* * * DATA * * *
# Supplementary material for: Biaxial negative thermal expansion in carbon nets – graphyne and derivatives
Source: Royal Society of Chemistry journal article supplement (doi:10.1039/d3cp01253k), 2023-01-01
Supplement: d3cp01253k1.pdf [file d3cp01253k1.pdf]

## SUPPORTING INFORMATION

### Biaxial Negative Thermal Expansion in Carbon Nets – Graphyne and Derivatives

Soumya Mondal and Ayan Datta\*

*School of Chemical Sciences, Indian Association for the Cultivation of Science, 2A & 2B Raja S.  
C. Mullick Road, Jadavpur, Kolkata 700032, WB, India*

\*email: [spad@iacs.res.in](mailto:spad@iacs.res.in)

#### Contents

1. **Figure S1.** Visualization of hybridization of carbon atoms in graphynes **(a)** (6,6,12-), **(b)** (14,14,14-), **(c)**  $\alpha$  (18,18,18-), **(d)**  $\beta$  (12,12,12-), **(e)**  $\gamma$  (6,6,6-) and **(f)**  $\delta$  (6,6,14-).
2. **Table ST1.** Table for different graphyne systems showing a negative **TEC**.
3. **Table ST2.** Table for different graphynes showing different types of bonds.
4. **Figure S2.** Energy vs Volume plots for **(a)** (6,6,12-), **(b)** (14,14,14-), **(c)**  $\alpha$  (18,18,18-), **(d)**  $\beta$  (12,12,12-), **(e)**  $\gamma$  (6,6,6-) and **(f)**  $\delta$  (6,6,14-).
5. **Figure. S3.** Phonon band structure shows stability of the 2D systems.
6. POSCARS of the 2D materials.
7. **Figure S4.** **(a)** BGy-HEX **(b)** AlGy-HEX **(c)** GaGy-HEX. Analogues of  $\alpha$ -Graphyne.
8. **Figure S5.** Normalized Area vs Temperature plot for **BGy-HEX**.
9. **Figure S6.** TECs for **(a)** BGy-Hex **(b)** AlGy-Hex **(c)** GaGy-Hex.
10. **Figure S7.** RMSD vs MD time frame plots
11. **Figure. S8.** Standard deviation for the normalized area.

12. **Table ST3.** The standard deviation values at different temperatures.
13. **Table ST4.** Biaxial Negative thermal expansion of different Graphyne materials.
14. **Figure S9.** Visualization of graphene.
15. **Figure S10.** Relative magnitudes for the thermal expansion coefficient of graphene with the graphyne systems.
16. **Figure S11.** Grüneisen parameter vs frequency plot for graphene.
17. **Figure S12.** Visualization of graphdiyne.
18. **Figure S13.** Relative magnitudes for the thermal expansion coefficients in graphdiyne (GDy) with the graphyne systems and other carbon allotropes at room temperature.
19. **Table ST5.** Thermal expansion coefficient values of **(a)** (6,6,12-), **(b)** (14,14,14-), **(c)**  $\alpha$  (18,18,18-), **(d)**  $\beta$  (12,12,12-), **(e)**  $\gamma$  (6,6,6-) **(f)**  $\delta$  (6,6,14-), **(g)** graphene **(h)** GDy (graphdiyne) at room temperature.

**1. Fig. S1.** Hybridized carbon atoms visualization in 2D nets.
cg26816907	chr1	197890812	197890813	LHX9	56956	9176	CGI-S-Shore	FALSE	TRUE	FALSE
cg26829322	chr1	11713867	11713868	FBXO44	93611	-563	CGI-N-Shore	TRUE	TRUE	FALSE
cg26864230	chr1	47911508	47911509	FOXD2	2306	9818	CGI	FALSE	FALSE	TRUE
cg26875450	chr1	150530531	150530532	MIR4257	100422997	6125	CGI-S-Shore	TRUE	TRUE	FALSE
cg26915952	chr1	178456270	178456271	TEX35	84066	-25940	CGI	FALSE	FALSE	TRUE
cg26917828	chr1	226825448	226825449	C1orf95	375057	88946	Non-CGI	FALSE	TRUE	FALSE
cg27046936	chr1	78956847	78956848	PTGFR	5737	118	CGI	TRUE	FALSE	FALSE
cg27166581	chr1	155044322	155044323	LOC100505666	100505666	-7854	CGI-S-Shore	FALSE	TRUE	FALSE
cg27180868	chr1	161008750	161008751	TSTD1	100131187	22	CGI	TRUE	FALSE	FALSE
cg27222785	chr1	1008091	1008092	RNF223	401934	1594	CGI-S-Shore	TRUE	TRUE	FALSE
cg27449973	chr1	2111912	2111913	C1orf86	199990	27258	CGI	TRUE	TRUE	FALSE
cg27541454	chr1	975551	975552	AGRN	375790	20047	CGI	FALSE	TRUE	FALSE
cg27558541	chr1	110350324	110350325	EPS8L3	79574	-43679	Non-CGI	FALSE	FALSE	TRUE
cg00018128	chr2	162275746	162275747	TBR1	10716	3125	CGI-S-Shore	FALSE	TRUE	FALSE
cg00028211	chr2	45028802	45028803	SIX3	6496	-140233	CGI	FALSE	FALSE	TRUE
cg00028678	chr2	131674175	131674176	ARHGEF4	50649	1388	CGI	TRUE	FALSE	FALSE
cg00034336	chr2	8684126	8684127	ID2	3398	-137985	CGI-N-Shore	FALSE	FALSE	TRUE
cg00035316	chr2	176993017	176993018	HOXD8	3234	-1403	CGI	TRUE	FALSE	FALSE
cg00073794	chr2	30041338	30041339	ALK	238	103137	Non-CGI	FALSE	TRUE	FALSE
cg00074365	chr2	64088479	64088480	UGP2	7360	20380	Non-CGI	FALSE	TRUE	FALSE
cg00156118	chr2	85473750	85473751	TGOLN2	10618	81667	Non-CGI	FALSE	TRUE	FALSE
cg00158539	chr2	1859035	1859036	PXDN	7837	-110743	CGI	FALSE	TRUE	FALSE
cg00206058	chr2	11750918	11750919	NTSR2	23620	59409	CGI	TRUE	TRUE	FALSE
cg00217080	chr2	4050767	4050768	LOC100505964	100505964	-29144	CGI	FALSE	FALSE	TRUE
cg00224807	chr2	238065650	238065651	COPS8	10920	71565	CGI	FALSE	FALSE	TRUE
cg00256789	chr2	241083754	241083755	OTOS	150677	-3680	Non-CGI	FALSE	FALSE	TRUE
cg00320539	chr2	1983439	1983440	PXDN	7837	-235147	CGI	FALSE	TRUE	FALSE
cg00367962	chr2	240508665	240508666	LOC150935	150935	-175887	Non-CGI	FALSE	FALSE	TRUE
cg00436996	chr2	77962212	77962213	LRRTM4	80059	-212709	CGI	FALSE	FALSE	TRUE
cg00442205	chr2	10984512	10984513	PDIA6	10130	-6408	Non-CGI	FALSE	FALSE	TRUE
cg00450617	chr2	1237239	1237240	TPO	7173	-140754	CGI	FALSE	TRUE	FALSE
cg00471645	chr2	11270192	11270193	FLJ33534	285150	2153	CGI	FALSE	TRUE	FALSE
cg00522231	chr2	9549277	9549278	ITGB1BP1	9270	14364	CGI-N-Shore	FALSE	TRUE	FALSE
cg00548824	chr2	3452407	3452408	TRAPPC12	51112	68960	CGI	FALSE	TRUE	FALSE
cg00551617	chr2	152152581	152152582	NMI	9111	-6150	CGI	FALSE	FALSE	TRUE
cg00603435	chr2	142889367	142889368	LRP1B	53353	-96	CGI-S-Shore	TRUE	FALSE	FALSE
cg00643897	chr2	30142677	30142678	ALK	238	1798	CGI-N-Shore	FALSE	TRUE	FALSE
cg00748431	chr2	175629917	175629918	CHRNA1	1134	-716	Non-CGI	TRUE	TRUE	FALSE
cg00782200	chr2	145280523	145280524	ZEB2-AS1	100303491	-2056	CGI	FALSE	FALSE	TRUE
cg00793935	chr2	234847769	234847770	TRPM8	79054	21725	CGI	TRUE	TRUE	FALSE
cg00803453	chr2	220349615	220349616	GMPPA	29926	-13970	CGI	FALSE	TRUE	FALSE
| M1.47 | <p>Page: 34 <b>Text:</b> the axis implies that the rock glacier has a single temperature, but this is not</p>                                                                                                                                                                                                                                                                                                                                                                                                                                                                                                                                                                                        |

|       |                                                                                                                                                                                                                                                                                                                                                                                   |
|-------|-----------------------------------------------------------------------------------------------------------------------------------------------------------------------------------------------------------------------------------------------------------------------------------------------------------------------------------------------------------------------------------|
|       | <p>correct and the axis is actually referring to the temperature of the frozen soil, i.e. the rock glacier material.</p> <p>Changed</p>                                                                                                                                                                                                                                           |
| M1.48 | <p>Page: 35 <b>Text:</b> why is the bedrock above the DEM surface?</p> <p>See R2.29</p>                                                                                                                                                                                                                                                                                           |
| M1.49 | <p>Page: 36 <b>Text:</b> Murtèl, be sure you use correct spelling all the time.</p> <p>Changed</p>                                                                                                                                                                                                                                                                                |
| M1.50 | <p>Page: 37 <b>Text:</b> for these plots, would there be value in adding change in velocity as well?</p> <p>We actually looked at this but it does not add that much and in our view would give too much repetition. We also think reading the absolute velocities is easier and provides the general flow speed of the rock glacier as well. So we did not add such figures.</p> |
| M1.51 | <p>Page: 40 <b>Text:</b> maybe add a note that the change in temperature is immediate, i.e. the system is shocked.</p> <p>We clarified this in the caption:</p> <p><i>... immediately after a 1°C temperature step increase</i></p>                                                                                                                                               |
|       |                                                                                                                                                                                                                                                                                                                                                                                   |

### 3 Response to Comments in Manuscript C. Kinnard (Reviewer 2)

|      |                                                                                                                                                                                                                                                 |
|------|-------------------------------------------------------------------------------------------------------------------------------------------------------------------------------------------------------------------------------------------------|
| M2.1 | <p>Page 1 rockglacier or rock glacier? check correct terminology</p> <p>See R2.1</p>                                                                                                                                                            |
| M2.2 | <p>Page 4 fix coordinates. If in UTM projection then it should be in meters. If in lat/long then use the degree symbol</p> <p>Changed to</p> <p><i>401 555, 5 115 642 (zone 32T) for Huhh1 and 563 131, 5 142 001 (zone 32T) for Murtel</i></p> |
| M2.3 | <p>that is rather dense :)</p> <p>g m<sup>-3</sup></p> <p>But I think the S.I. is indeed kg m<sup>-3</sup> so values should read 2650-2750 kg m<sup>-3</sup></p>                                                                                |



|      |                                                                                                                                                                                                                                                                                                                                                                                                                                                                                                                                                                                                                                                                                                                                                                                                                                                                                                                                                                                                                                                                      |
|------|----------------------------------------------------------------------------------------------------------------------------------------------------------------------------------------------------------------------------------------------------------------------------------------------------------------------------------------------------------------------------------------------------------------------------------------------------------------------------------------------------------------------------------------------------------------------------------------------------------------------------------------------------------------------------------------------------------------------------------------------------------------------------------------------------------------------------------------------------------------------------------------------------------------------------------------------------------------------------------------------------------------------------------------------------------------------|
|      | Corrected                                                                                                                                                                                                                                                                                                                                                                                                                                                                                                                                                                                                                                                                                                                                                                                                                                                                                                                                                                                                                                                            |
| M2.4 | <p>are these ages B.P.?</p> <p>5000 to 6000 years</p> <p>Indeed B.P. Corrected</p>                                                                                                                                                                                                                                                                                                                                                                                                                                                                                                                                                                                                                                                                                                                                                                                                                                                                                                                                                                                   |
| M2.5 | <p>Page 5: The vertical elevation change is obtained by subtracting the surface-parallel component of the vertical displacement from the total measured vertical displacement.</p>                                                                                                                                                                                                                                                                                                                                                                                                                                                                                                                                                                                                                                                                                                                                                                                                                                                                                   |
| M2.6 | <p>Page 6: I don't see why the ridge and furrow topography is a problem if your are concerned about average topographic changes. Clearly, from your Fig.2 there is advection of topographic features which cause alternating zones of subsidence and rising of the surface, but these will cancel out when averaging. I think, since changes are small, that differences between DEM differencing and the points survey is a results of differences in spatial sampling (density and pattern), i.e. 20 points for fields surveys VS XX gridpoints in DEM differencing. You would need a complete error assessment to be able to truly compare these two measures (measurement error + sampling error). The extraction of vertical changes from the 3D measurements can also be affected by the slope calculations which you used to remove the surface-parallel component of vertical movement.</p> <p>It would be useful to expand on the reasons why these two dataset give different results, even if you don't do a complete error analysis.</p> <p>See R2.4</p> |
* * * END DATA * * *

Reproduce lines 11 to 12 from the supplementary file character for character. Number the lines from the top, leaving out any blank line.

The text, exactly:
1. **Figure S1.** Visualization of hybridization of carbon atoms in graphynes **(a)** (6,6,12-), **(b)** (14,14,14-), **(c)**  $\alpha$  (18,18,18-), **(d)**  $\beta$  (12,12,12-), **(e)**  $\gamma$  (6,6,6-) and **(f)**  $\delta$  (6,6,14-).
2. **Table ST1.** Table for different graphyne systems showing a negative **TEC**.